What you need to know about the Boeing 737 Max 8 and why it's still grounded
CEO Dennis Muilenburg appears before 2 U.S. congressional committees this week
The CEO of Boeing begins two days of testimony before U.S. Congress on Tuesday, the one-year anniversary of the first deadly crash of a Boeing 737 Max 8.
Dennis Muilenburg, who was stripped of his Boeing chair title earlier this month, is expected to acknowledge that the aircraft manufacturer made mistakes in the wake of two crashes in 2018 and 2019 involving the aircraft, which killed a total of 346 people.
"We have learned and are still learning from these accidents," Muilenburg said in comments prepared for delivery Tuesday to a Senate committee. "We know we made mistakes and got some things wrong. We own that, and we are fixing them."
Boeing is also facing a criminal probe by the U.S. Justice Department and is being sued by the families of some of the people who died in the crashes.
Here's what you need to know as Muilenburg speaks to the U.S. Senate commerce committee Tuesday and the U.S. House transportation and infrastructure committee Wednesday.
On Oct. 29, 2018, Lion Air Flight 610 crashed into the Java Sea minutes after takeoff from the Indonesian capital of Jakarta. All 189 passengers and crew on board died.
Flight data recordings suggested the pilots struggled to maintain control of the jet as its automatic safety system repeatedly pushed down the plane's nose.
Less than five months later, on March 10, 2019, another Boeing 737 Max 8 crashed, this one operated by Ethiopian Airlines. It also went down shortly after takeoff, this time from Addis Ababa.
All 157 people on board died, including 18 Canadians.
The second crash raised serious concerns about the safety of the jet, and airlines and aviation administrations began grounding the Boeing 737 Max.
Ethiopian Airlines grounded its entire 737 Max fleet on the day of that crash. China's aviation authority ordered all jets in China grounded the next day.
Also on March 11, the U.S. Federal Aviation Administration (FAA) issued a Continued Airworthiness Notification to the International Community.
The U.K., the European Union, Australia and other countries moved quickly to ban the jet from their airspace.
Canada, one of the final holdouts, acted on March 13, grounding all of its Boeing 737 Max 8 aircraft and banning the jet from entering its airspace until further notice.
Investigations and reports
Early investigations into the two crashes focused on the jet's anti-stall system that kicked in and pushed down the noses of the planes. Boeing has acknowledged that both crashes involved the repeated activation of the Manoeuvring Characteristics Augmentation System (MCAS) after the safety system received faulty sensor input.
Indonesian investigators issued their final report into the Lion Air crash last week. It found that Boeing, acting with inadequate oversight from U.S. regulators, failed to grasp the risks of the design of the 737 Max cockpit software.
And it concluded that the pilots had not been trained in how to respond to the jet's automated flight-control system.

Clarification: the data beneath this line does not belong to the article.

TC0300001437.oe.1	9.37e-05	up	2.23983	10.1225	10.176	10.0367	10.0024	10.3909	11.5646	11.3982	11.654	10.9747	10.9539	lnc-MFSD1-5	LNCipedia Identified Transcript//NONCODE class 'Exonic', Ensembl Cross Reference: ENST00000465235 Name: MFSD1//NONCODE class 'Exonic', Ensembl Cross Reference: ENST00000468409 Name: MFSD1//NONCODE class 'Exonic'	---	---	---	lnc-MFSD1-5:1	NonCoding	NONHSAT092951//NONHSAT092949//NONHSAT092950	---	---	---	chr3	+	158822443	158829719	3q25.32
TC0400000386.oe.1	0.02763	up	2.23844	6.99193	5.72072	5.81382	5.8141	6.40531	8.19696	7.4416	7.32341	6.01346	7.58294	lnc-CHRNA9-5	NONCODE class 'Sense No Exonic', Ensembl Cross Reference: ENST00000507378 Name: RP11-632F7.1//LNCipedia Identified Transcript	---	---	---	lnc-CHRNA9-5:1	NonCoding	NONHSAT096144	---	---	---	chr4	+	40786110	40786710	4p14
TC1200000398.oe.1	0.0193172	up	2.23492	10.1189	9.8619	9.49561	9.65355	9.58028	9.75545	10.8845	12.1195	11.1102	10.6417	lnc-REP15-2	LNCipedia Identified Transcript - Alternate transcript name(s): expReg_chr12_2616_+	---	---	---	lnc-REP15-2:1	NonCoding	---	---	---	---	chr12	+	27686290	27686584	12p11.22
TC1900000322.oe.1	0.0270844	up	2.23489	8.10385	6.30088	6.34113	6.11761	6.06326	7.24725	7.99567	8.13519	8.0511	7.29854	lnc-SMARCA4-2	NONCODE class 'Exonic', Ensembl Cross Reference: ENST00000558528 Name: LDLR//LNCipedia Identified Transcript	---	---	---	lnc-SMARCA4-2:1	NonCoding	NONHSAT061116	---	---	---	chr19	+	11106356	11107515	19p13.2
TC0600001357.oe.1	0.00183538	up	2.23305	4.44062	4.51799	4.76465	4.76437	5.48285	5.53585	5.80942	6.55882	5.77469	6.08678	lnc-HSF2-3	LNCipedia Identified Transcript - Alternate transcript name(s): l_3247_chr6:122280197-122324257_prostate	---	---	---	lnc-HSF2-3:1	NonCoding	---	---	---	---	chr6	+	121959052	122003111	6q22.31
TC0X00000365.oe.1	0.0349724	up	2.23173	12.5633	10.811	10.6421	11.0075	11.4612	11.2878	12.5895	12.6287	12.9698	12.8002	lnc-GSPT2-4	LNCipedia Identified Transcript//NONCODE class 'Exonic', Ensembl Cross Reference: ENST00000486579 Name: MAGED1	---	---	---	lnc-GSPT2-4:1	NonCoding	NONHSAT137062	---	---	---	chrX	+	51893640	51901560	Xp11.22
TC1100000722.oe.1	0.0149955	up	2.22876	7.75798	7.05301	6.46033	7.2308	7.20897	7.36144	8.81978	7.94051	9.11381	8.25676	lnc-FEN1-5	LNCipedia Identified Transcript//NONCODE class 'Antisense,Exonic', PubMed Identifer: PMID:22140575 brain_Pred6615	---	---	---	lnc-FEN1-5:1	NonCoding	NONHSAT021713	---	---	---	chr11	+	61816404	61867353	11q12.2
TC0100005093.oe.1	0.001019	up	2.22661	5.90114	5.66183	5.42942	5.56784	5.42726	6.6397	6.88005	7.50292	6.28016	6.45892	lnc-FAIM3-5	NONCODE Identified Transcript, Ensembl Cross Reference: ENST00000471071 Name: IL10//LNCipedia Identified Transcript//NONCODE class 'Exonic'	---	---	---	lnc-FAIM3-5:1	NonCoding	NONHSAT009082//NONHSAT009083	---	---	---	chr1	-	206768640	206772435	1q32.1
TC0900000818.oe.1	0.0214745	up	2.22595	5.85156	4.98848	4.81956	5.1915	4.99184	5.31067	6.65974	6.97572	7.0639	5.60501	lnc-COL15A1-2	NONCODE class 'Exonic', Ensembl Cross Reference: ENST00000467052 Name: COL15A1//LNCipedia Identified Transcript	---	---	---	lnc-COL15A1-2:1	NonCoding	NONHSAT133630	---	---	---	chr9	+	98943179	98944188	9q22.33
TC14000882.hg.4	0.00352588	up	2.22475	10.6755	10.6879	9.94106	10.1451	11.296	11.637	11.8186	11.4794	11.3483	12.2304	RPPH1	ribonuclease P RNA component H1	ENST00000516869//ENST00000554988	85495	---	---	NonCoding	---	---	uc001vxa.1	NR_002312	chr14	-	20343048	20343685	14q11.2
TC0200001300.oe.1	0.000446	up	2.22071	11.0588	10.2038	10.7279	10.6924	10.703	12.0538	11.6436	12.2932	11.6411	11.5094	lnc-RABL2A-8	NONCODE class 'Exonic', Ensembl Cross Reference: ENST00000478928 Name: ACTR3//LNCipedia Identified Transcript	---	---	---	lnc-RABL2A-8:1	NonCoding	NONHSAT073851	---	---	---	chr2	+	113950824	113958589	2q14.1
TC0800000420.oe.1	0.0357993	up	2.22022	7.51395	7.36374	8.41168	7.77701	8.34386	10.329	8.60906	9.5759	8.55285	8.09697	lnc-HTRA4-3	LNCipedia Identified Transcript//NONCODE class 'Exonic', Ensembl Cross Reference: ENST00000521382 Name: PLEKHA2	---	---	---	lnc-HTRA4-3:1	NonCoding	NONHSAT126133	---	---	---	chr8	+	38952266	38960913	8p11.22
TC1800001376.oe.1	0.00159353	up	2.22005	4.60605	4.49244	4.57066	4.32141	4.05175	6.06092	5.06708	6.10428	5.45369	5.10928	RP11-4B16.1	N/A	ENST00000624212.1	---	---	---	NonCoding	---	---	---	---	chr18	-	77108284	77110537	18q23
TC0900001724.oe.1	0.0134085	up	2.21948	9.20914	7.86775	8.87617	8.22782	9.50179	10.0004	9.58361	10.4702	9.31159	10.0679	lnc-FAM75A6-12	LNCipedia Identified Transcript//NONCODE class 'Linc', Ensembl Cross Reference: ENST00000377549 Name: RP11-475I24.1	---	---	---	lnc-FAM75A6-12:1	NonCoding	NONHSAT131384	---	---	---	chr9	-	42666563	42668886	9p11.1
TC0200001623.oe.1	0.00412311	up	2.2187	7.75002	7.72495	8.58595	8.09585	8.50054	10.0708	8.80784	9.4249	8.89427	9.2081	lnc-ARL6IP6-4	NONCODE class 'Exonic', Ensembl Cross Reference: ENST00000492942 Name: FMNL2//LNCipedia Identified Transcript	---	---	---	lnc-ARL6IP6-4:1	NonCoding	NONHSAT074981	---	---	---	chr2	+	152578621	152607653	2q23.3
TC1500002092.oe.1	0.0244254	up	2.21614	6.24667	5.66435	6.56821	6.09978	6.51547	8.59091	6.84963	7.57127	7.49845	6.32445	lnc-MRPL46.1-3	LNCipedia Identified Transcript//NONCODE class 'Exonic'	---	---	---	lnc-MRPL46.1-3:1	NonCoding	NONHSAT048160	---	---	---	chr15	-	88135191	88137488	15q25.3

CBC News found that the Boeing 737 Max 8 manual only mentions MCAS once:
A month earlier, the U.S. National Transportation Safety Board concluded that Boeing underestimated how long it takes pilots to diagnose and react — down to precise seconds — when they are being bombarded by multiple, cascading warning alerts. It said that in both crashes, the pilots' control columns would have shaken to warn of an impending stall, and that the pilots would have received several visual and audio alerts about things like altitude and speed.
Ethiopian investigators released preliminary findings into the Ethiopian Airlines crash in April. It said the crew of the doomed jet did everything Boeing recommended when their plane started to nosedive, but that they could not save it. Their final report is expected next year.
Earlier this year, several U.S. media outlets investigated whether the FAA allowed Boeing too much power to self-regulate. In March, the acting head of the FAA was grilled by a U.S. Senate panel on the subject.
Daniel Elwell told senators it would cost $1.8 billion US and take 10,000 new employees for the U.S. aviation regulator to handle all aircraft certification internally.
He also said the FAA "is directly involved in the testing and certification of new and novel features and technologies."
Part of what U.S. Congress is currently looking into is whether there should be changes to how the FAA delegates some certification tasks to manufacturers for new airplanes.
In the 737 Max certification, it initially delegated 40 per cent of the work to Boeing and later shifted more work to Boeing, including work on the MCAS.
Last week, the U.S. Department of Transportation issued a report into the practice following its own investigation. It said the FAA faces a "significant oversight challenge" to ensure that companies conducting those tasks "maintain high standards and comply with FAA safety regulations."
Returning to flight
The Boeing 737 Max has not flown commercially since the March crash.
Air Canada recently updated its plans for the jet, saying it will remain grounded until at least February 2020. Sunwing and WestJet have also confirmed they will not fly the jet before next year.
U.S. airlines have cancelled 737 Max flights into January and February.
The FAA has said it will not return the 737 Max to service until the regulator has determined the jet to be safe.
With files from Reuters and The Associated Press